Women are just as capable as men! They don’t need reserved seats

Published: April 6, 2013
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Fatima Jinnah competed against Ayub Khan in the 1965 elections and though she had lost it is evident that it was not due to her gender.

It is ironic how often not just women but even men have simultaneously debated over the equal rights of women, yet they are deprived of the knowledge of what equality actually means and what diversified leaders (men and women) have stood for and against.

Damning evidence of gender discrimination – however camouflaged it might be – exists in our very own electoral system through reserved seats for women.

“I hate to hear you talk about all women as if they were fine ladies instead of rational creatures. None of us want to be in calm waters all our lives.”- Jane Austen.

There is a vast difference in perception when the debate of gender equality is highlighted; the rights of women remain vague even to the most educated of people. There couldn’t be a better platform to commence the debate all over again than the 2013 elections which shall be hoisted in Pakistan within a month (hopefully). Women are to ‘enjoy the perk’ of separate reserved seats in the Provincial and National Assemblies. The provision of reservation of seats for women in the Parliament existed throughout the constitutional history of Pakistan from 1956 to 1973.

At the time of the culmination of this law, the objective was to motivate women to participate in the elections with 10 seats reserved for women. This was later increased to 60 seats in 2002 by Pervez Musharraf.

What astounds me is that perhaps women have overlooked the hidden reason behind this particular right bestowed so generously upon them. This is the assumption that in a male dominant society, a woman cannot win against a man (considered to be her superior not just physically but also mentally). Thus the poor woman must be helped as she is utterly incapable of winning the general seats all by herself.

Another thought provoking aspect of this entire scheme is that these reserved seats, once kept for deserving yet financially unstable women are now an object of succession; former ministers and members of parliament present these seats as a “gift” to their daughters and relatives. This completely denies the common woman her right.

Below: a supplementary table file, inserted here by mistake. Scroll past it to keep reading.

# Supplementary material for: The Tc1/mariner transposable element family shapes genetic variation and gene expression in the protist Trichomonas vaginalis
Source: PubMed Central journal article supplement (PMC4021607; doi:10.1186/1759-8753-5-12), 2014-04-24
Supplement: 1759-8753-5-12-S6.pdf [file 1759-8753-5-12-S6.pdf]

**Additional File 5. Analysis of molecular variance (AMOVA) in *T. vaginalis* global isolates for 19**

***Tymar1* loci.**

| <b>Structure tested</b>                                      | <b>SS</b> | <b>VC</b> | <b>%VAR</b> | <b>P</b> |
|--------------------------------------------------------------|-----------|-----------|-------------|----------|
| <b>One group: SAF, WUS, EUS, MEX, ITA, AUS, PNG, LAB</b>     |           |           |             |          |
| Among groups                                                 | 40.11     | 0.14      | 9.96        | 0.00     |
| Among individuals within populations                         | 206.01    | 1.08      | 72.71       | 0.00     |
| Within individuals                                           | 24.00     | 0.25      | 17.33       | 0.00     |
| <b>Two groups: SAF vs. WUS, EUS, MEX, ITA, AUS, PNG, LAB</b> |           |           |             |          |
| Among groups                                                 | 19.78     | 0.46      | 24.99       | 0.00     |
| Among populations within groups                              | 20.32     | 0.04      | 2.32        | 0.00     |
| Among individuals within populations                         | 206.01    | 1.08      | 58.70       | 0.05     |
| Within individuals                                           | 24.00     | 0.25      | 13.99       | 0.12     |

Instead of well-educated, determined and struggling women getting these seats, they go to the heir of the woman who occupies the seat! This destroys the purpose of reserved seats altogether.

Many inspirational women such as Sassui Palijo and Parveen Junejo have fought for general seats in the Assembly and won. Thus, the fact remains that there is no need for reserved seats if women are believed to be capable enough to get elected for general seats instead of being perceived as handicapped creatures who, without assistance are hopelessly unable to achieve their position in society.

The motive behind separate seats was, undoubtedly, in the interest of female candidates but it no longer exists since conditions have changed.  Society has evolved women do not need to be encouraged to take part in political affairs anymore.

Fatima Jinnah had once taken a step to compete against one of the most influential men in the history of Pakistan, Ayub Khan, in the 1965 elections and though she lost, it is evident that it was not due to her gender but merely due to a flaw in the elective system.

It is high time that the view of women as fragile helpless beings be changed. They should be considered as equals – not more not less – but equal to men.

“In the future, there will be no female leaders. There will just be leaders.” Sheryl Sandberg

 

Sheetal Abbas

Sheetal Abbas

A undergraduate student at IBT University, studying Media Sciences in order to pursue future goals of becoming a part of the industry.

The views expressed by the writer and the reader comments do not necessarily reflect the views and policies of The Express Tribune.